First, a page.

Now willing to reconcile, the two opponents went on to appoint a taskforce to seek public views on, among other things, how Kenya and its citizens could bridge what divided them.

The TJRC had spent almost four years doing something similar, collecting 40,000 statements from Kenyans across the country on their grievances, sense of marginalisation, etc. These statements formed the basis of the Truth Commission’s four-volume 2,210-page report presented to Kenyatta on May 21, 2013. This work was ignored by Kenyatta and Odinga.

After 17 months of listening to and receiving views of as many as 7,000 Kenyans all over the country, the taskforce – popularly known as the Building Bridges Initiative – produced a 156-page report in October 2019. What the TJRC had to say about how different ethnic groups who mistrust each other can be reconciled or how to resolve issues brought up by an election dispute did not make it into the taskforce report.

No support from the government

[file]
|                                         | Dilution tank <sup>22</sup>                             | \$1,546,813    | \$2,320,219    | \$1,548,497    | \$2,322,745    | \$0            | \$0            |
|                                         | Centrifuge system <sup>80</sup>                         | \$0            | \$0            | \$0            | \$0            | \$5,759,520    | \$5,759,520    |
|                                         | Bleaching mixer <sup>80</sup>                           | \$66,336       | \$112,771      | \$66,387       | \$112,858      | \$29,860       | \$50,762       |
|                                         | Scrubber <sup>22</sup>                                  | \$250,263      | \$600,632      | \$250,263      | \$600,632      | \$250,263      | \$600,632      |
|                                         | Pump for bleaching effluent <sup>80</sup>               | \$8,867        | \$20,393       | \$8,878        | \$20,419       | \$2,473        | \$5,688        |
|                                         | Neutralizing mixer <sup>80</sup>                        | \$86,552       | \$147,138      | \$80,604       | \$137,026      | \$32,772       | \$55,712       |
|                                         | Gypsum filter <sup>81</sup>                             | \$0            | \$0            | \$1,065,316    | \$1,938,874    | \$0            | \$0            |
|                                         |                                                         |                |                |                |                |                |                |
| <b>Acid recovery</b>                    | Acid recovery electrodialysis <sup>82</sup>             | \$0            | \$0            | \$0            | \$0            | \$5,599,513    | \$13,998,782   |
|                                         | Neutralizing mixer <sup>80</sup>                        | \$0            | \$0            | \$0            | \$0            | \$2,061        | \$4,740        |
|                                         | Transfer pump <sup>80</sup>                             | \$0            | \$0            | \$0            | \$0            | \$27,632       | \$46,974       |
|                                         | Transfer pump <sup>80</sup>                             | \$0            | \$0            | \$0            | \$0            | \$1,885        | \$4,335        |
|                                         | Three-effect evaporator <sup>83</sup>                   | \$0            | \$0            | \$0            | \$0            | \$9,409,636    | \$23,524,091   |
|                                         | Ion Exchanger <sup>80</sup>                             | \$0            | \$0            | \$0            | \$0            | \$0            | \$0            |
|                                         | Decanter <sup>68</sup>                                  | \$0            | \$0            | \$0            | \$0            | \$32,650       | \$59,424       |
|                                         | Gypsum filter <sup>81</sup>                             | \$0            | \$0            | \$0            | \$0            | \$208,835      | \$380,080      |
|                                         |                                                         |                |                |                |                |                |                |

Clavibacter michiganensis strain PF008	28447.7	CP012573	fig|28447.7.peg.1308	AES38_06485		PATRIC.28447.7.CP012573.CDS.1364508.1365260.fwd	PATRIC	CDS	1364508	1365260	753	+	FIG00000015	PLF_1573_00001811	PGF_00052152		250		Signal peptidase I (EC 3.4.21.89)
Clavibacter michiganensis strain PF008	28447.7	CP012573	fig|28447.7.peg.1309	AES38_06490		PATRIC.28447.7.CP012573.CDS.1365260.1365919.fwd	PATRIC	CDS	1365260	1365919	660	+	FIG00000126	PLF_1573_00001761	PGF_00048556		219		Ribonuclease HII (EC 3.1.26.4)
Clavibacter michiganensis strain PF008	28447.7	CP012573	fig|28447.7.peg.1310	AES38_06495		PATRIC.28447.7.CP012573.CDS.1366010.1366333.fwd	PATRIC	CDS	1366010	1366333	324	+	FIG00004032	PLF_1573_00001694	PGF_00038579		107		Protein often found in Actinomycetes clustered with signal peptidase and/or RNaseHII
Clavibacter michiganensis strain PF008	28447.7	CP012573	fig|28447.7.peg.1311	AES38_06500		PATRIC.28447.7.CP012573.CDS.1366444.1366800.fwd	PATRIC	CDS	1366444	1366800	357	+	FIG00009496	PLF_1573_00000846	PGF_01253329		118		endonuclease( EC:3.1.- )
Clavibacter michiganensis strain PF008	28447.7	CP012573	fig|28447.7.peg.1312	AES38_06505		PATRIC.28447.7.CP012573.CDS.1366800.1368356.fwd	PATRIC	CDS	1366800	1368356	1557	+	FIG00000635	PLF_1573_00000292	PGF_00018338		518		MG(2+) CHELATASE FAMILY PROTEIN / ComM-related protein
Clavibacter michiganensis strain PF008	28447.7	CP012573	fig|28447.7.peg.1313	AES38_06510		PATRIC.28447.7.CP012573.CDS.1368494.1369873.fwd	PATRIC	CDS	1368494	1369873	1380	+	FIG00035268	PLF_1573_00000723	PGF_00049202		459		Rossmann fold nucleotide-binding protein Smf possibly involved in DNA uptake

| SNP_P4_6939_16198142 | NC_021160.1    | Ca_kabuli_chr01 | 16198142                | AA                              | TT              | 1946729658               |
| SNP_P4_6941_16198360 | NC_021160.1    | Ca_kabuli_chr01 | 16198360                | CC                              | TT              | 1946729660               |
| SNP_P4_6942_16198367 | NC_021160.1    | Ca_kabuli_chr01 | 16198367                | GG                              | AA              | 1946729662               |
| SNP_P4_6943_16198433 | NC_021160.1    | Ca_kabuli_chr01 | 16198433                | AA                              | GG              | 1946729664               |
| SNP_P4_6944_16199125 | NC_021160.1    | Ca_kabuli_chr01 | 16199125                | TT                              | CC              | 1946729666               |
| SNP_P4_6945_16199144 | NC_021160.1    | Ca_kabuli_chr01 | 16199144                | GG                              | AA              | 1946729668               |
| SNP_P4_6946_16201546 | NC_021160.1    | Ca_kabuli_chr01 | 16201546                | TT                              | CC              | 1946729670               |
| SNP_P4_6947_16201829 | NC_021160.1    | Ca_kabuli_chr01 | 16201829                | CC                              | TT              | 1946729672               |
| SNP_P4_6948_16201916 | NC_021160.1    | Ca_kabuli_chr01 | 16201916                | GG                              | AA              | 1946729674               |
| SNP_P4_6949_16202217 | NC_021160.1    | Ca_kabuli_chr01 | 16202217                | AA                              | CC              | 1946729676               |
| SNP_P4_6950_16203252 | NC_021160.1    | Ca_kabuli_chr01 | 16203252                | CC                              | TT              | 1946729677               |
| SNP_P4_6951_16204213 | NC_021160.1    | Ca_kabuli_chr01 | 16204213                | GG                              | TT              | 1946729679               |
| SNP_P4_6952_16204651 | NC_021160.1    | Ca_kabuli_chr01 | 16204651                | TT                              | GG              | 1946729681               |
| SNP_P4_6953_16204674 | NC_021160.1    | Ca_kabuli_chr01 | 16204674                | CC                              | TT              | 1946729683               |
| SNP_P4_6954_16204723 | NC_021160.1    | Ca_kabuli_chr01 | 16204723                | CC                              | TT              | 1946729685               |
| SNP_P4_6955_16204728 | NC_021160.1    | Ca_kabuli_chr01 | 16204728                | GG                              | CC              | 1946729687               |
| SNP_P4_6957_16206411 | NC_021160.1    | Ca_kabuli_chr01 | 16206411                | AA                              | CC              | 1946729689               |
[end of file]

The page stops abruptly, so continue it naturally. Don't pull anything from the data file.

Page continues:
The TJRC was formed under more tragic circumstances that the 2018 task force. Historical injustices were identified as one of the long-term issues underlying the violence that followed the December 2007 presidential poll in which more than 1,000 people were killed. Odinga was a candidate in that 2007 presidential election. As part of the mediation process to end the bloodshed that followed, Odinga and the incumbent President Mwai Kibaki agreed to the formation of the TJRC and a coalition government in which Odinga became prime minister.

In May 2013, after Kenyatta received the TJRC report, it was tabled in the National Assembly as part of the implementation phase of the report. The TJRC, whose mandate ended with the publication of the report, recommended the government form an implementation committee to oversee and coordinate the work needed to make the TJRC’s wide-ranging recommendations a reality. The TJRC even provided a draft bill for the National Assembly to consider to give such an implementation committee legal backing.